Joseph Fletcher

My own personal life experience tells me that we’re all stuck on a spinning self-worth carousel; wanting perfection, acceptance and instant gratification at only a moment’s notice. Our worth has become devalued by our own self destruction, our train of thoughts, and our continual comparison to each other.

For a long time in my twenties, I was convinced that the reason I’m single and unlucky in love was because of my hearing impairment. I had this belief raging loudly and so implanted into my head that guys saw my hearing aids as baggage. They’d be afraid to ask questions and quickly dismiss me because I didn’t fit the ‘perfect’ criteria they seemingly desired; their picture-perfect textbook boyfriend I seemingly wasn’t.

We’ve all been rejected in one form or another, and what is dating without rejection? Being rejected is all part of our learning experience and should be embraced. However, when a guy you’ve only just met at your dinner table announces within the first few minutes of conversation that it wasn’t going to work due to my “baggage”, gets up and leaves, you can’t help but wonder if it’s you.

While this paints a negative impression of him – and you could argue that I maybe should have told him before we agreed to meet that I come with hearing aids – what difference does it make? I don’t see my disability as an issue with what I’m able to bring to the table, so why should it be of issue to so many others? My point is, episodes like this happen way more often than they should, right across the board, between able and enable. Why are we so quick to shoot one another down? Why are we all so impatient with giving people a chance?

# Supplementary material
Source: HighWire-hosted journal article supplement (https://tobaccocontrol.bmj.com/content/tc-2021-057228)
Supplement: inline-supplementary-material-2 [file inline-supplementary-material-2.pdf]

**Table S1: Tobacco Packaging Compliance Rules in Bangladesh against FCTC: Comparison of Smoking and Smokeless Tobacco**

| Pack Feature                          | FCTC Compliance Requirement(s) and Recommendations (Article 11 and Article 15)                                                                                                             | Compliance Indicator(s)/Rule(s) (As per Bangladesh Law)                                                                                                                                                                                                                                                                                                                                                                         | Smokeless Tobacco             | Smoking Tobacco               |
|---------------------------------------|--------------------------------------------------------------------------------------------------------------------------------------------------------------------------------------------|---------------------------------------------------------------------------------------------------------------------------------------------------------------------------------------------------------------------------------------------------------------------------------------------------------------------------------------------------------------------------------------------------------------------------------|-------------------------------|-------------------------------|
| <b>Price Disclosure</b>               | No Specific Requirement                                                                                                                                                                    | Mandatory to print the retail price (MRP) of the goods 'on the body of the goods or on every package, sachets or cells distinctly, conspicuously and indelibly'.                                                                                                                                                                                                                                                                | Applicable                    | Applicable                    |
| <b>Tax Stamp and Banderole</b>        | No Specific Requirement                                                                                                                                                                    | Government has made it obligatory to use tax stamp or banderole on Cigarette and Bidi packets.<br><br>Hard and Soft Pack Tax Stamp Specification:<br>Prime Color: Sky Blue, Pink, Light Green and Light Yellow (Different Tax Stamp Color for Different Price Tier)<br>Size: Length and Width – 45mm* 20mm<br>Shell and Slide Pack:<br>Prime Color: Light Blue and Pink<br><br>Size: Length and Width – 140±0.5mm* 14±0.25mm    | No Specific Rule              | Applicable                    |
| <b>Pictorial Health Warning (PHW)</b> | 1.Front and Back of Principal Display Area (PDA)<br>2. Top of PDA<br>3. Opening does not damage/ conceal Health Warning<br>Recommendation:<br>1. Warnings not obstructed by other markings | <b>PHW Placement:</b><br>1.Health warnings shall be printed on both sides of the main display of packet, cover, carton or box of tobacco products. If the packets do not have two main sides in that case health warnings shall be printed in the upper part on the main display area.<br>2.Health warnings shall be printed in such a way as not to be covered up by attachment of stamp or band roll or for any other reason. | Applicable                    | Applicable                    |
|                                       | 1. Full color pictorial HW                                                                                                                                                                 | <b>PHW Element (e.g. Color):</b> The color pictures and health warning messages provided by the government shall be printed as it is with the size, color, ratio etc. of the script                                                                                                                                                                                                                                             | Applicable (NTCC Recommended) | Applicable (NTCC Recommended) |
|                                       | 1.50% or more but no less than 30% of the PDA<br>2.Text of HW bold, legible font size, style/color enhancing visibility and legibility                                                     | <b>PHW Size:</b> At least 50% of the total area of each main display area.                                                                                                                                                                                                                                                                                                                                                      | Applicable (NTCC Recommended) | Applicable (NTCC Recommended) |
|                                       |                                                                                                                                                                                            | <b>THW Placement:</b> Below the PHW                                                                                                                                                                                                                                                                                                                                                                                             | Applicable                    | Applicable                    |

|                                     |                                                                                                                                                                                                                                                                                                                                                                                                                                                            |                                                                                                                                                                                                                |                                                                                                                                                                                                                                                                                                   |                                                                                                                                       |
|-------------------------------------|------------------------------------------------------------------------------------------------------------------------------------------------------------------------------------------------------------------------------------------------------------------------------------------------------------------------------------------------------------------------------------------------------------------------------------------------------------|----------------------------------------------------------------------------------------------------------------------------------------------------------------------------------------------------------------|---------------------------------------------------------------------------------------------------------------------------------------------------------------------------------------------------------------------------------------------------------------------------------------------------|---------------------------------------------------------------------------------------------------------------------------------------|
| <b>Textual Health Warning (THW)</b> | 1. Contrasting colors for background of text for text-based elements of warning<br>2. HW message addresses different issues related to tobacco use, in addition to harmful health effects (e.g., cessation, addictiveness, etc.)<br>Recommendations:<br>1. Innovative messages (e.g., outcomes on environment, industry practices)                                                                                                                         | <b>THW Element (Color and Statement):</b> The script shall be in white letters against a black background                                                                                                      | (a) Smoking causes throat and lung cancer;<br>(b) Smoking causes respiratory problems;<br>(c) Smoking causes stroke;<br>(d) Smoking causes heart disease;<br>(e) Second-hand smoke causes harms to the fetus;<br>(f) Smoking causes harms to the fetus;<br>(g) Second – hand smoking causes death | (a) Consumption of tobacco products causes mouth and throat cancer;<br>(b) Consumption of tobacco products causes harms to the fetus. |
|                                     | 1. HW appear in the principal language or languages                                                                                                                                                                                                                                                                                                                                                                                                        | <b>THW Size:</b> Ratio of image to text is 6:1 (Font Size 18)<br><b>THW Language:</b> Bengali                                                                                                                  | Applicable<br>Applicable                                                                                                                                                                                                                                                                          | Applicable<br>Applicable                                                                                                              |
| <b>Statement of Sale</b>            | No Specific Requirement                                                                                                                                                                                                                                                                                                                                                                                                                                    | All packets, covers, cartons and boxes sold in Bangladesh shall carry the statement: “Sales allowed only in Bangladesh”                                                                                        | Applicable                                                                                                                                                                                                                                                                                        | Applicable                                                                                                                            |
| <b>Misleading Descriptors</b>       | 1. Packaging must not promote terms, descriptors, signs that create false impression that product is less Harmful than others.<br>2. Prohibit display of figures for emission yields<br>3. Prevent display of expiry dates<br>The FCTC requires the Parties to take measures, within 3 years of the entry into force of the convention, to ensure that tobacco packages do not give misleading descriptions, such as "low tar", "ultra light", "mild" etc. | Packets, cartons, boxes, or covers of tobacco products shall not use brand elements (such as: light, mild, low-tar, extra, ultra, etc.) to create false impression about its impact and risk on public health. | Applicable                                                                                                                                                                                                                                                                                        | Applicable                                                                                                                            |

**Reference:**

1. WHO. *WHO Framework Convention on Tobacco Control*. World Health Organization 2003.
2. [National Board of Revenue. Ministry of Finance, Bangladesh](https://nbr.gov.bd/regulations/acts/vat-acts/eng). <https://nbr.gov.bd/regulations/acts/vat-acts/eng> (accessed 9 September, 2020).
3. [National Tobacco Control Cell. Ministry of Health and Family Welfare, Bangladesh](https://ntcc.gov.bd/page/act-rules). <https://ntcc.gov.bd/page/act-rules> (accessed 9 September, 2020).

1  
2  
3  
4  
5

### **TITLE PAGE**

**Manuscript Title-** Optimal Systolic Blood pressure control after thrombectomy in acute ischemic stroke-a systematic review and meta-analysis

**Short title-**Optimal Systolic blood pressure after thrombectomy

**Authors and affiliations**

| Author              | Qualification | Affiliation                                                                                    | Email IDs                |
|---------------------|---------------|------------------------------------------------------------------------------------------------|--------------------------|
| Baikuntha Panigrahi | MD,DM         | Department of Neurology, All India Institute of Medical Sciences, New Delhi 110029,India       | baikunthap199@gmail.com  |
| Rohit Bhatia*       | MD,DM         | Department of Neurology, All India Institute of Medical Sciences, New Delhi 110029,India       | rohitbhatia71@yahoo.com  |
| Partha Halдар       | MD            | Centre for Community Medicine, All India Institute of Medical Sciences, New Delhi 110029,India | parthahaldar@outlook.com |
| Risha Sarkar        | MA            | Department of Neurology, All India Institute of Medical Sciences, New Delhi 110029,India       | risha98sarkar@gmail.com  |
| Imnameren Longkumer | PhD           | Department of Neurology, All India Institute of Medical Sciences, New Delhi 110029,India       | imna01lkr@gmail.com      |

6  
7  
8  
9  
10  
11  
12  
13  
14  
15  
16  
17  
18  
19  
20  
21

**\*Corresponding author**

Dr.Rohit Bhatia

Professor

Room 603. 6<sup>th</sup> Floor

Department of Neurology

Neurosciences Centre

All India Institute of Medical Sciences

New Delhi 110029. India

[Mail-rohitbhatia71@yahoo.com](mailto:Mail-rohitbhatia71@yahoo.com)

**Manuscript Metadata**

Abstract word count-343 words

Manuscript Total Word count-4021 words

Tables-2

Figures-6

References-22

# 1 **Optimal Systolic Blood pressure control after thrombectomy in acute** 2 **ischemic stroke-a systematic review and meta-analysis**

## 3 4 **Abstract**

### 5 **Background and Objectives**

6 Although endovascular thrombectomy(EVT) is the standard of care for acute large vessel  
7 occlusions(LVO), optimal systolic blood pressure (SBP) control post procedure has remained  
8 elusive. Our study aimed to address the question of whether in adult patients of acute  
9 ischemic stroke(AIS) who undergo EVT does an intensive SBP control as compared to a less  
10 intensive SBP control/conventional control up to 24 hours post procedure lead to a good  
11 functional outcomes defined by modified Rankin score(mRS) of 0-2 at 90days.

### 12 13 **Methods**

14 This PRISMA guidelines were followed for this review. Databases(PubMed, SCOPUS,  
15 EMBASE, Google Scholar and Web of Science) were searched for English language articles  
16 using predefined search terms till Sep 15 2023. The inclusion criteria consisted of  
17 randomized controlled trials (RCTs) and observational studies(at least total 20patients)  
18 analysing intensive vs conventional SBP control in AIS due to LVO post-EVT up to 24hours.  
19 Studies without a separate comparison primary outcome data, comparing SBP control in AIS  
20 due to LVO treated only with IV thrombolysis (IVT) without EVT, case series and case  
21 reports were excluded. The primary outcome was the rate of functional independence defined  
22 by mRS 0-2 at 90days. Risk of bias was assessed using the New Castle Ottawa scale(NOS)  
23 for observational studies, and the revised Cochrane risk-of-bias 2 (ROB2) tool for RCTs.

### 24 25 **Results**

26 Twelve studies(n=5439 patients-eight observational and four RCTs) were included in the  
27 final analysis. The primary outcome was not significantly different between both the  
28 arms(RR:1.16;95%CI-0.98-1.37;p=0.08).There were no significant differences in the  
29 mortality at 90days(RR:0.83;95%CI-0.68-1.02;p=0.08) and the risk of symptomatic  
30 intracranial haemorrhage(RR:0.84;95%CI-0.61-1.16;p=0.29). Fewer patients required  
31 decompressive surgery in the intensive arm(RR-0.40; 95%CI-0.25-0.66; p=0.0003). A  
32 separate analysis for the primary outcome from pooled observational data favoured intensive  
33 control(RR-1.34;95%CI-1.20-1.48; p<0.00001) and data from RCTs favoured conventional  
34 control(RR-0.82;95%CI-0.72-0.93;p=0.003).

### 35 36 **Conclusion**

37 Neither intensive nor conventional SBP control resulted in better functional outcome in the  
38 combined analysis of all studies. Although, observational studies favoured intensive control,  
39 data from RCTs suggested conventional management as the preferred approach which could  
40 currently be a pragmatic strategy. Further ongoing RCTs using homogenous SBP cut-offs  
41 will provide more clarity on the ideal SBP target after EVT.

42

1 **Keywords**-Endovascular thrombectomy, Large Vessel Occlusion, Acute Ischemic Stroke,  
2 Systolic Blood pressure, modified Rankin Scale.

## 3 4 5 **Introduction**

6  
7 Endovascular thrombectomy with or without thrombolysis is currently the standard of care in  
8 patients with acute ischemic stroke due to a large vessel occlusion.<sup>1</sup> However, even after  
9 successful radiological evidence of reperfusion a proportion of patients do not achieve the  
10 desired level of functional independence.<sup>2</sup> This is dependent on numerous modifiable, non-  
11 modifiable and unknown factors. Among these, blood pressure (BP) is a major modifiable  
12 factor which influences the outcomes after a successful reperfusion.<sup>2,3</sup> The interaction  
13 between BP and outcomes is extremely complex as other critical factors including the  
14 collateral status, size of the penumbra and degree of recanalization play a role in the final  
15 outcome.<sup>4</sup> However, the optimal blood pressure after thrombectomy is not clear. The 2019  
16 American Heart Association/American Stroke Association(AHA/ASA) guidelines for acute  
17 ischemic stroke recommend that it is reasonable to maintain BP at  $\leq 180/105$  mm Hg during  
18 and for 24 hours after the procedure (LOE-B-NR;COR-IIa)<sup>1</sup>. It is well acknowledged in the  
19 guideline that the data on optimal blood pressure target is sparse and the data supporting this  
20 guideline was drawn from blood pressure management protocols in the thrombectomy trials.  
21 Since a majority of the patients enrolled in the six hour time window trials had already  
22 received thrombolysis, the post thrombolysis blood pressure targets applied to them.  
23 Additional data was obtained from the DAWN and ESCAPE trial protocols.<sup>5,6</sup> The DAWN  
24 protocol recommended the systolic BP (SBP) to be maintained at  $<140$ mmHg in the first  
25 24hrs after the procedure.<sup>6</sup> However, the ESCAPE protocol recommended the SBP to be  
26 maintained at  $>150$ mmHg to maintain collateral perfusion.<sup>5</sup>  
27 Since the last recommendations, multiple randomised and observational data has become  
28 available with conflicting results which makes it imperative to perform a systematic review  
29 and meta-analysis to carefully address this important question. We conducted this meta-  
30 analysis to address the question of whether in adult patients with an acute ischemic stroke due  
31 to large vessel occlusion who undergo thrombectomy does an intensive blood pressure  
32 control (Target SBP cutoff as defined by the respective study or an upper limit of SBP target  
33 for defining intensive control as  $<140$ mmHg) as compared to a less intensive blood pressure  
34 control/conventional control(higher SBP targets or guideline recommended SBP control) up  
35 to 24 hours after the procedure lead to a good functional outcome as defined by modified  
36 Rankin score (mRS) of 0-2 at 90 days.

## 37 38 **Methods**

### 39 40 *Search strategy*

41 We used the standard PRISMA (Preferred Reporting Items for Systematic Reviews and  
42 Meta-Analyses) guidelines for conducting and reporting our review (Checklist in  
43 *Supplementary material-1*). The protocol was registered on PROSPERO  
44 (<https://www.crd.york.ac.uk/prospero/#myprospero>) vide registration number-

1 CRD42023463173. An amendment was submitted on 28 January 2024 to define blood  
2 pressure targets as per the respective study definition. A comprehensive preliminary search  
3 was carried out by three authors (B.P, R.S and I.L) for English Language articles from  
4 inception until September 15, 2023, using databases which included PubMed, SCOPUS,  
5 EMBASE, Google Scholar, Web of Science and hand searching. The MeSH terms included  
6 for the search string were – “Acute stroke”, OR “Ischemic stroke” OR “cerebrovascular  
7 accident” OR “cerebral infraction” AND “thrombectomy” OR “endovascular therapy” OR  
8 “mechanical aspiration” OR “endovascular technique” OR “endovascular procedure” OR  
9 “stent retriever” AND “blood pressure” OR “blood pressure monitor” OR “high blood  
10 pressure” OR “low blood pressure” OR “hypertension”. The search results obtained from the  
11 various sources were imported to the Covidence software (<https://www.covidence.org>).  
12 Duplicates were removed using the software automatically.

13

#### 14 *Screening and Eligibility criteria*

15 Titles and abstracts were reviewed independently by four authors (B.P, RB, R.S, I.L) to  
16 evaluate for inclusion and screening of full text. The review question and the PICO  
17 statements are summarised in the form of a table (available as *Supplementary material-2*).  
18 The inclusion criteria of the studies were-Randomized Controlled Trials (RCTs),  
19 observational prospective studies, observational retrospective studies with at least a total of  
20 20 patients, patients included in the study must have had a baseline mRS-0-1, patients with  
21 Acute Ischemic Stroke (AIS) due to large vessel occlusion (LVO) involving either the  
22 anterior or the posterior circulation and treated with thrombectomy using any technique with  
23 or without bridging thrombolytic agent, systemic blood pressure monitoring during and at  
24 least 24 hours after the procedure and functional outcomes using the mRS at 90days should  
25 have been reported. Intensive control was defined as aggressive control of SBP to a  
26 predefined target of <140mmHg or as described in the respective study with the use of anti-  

Joseph Fletcher

I’ve learned to be more comfortable within my skin. I’ve learnt to let go of my insecurities of what other people might think. We’re almost all disabled in one form or another. We all have those small or large things that make us different. Are we seriously living in a world where being all the same is what we desire? I’ve learned to let go of expectations and what is to be expected. Not everyone is going to have a hearing aid fetish. I enjoy being deaf, the luxury of switching off is a wondrous blessing only a few of us will understand. I come with a ton of deaf jokes, I’m an excellent listener – pun intended – and to all those who snore and don’t want nagging about it, I didn’t hear you.

Perhaps I should consider myself lucky that I’m not having to conform to certain archetypes of the gay doctrine through vocal communication from others, and for which this may allow me to be set free to live my own life exactly how I am and how I like. I can’t change what I used to see as a discredit, a flaw, and it has only taken the people I’ve met along the way for me to fully appreciate the value of my own self worth, and in what makes me proud to be me and in what I, myself, define as a success.

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We should all give credit to the differences that separate us, and find that happier place where we can embrace each other with a little more possibility, in breaking down barriers, and stigma — respecting each other with a little more compassion and bravely, more humanity. Politically, the world is getting louder, and voices are finally being heard and with that capacity, comes the results of blurring the lines.

It’s about time we banded together, to stand up for difference, to understand and learn, and most importantly to celebrate that nobody is perfect. We’re all disabled, so be proud of what makes you and your story unique.

Words Joseph Fletcher